opinion

OPINION: Trump wants to talk about the economy. So let’s talk about it.



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President Donald Trump delivers the State of the Union Address to a joint session of the U.S. Congress Feb. 4 on Capitol Hill in Washington, D.C. Tribune News Service

President Donald Trump delivered his third State of the Union address Tuesday night, touting the United States’ strong economy and asserting his crucial role in its recovery. The unemployment rate is at a 50-year low, wages have increased and the stock market has reached record highs.

“I am thrilled to report to you tonight that our economy is the best it has ever been,” Trump said.

But that's not the whole story.

Perceptions of the economy depend on who you ask. According to a Pew Research Center report in December, 75% of Republicans but just 41% of Democrats thought the country’s economic conditions were excellent or good. The numbers were different for poorer Americans: Just over half of low-income Republicans and only one-third of low-income Democrats rated the economy positively.

Democrats must rebuke Trump’s claims on the economy in this light. Regardless of party, poorer Americans do not feel the economy — despite low unemployment and a booming stock market — works for them.

Behind all of this is the belief, shared by a majority of both parties and nearly 70% of Americans, that current economic conditions are helping the wealthy, while over half of Americans say they hurt the poor and middle class. 

Americans are right to feel this way. More than three-quarters of full-time workers say they live paycheck to paycheck, according to a 2017 poll. Further, 71% of all U.S. workers are in debt and most believe they always will be. At the same time, Federal Reserve data shows that the top 1% of Americans have more wealth than the bottom 90%. 

A strong majority of voters recognize the economy works for the wealthy and against the poor and middle class. According to the Institute for Policy Studies, 1 in 5 U.S. households have zero or negative net worth, which includes 30% of black households and 27% of Latino households.

Democrats must offer a bold alternative to Trump in November, not someone who promises a return to normalcy. Just as unemployment began trending downward years before Trump's election, the challenges facing the American working class began years ago.

“We know too that the entrenched disparities and inequities impacting our communities didn’t begin when that man descended an escalator in Trump Tower,” Rep. Ayanna Pressley, an endorser of Sen. Elizabeth Warren, said in the Working Families Party’s State of the Union response. “They are the results of decades of short-sighted, exclusionary policies.”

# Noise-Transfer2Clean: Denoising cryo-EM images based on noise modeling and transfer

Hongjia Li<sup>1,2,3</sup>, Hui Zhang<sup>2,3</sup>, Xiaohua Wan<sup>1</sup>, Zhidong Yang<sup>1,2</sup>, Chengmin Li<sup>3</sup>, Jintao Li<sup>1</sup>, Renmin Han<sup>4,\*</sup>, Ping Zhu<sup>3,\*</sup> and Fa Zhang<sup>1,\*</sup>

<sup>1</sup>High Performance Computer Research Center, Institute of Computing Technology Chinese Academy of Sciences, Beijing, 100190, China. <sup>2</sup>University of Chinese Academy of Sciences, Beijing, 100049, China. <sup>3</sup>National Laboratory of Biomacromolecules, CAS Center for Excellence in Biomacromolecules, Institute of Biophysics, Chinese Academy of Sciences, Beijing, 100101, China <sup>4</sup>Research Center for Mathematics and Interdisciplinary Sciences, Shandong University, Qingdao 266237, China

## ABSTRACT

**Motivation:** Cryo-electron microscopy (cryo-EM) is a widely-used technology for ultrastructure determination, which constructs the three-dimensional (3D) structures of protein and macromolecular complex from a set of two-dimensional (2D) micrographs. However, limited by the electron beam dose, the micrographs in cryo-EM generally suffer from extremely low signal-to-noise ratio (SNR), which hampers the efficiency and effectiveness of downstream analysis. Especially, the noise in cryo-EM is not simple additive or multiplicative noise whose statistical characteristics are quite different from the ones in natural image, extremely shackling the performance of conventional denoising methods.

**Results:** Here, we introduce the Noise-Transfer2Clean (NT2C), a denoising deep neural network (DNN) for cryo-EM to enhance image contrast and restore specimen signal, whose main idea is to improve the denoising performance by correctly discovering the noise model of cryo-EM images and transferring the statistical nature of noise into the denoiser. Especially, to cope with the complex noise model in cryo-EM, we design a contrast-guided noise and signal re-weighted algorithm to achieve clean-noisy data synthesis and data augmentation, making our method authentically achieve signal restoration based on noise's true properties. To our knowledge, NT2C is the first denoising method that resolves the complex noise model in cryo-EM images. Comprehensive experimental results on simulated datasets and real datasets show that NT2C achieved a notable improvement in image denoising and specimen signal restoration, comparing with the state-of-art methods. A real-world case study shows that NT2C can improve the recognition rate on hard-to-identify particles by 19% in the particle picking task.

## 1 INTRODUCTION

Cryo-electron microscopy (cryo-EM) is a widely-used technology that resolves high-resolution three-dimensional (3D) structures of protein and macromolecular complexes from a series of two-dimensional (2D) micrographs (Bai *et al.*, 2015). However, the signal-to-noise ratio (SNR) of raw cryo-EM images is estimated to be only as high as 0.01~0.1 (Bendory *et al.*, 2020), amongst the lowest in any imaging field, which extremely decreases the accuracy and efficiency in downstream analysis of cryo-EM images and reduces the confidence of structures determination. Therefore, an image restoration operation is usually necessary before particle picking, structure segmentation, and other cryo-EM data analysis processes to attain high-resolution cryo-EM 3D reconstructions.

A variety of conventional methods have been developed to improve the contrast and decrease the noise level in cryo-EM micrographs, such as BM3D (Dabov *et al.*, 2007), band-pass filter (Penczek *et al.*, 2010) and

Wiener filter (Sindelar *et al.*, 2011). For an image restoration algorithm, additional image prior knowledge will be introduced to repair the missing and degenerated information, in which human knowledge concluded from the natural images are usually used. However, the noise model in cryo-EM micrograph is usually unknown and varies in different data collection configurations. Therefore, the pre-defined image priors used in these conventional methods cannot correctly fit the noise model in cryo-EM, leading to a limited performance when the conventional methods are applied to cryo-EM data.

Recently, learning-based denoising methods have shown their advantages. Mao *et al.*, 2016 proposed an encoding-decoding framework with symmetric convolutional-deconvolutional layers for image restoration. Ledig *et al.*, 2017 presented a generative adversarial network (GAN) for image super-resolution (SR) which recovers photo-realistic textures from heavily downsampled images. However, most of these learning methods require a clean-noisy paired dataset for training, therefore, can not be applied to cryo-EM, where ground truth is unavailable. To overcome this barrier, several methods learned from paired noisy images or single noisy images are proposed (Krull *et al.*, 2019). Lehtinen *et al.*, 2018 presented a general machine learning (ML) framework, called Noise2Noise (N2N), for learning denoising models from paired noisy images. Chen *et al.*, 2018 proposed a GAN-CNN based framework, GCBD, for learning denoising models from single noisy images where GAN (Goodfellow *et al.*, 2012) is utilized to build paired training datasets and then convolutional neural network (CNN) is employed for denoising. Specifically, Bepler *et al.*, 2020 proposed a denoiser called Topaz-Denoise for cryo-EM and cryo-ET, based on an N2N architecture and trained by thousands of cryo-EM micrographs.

As union membership rates in the U.S. began to decrease in the 1980s, so did the middle class’s share of total income. As membership rates declined 20%, the richest Americans took a much larger share of total income. The richest 5% of Americans now earn nearly a quarter of all income, according to the U.S. Census Bureau.

If anything, Trump has made the economy worse.

In Indiana, Trump’s trade war with China has taken its toll. Indiana exports to China fell from $3.1 billion in 2017 to $2.2 billion one year later. Indiana farmers were hit the hardest: The state’s exports of oilseeds crops, such as soybeans, fell from $1.1 billion to $238 million over the same period. In a period of high unpredictability, Indiana farmers took the hit even while wealth continued to increase for the country’s richest. 

For the first time in this country’s history, Trump’s tax cuts have allowed billionaires to pay a lower effective tax rate than the average working person.

After greenlighting the continued proliferation of wealth inequality, the Trump administration has made clear that it’s on the side of the wealthy. Trump showed most clearly that he stands against the poor by bragging about barring 7 million Americans from food stamps in his State of the Union speech.

“This is what Trump really means when he talks about a booming economy,” Sen. Bernie Sanders said in his response to the State of the Union. “Since he has been in office, billionaires have seen their wealth increase by $854 billion, a 37% increase.”

Democrats can and should nominate a candidate dedicated to structural change, one who can convince working-class Americans that Trump is beholden to the wealthy and one who understands the pain being caused by the so-called strongest economy in U.S. history.

Kyle Linder (he/him) is a junior studying journalism and international relations. He plans to pursue a career in media.

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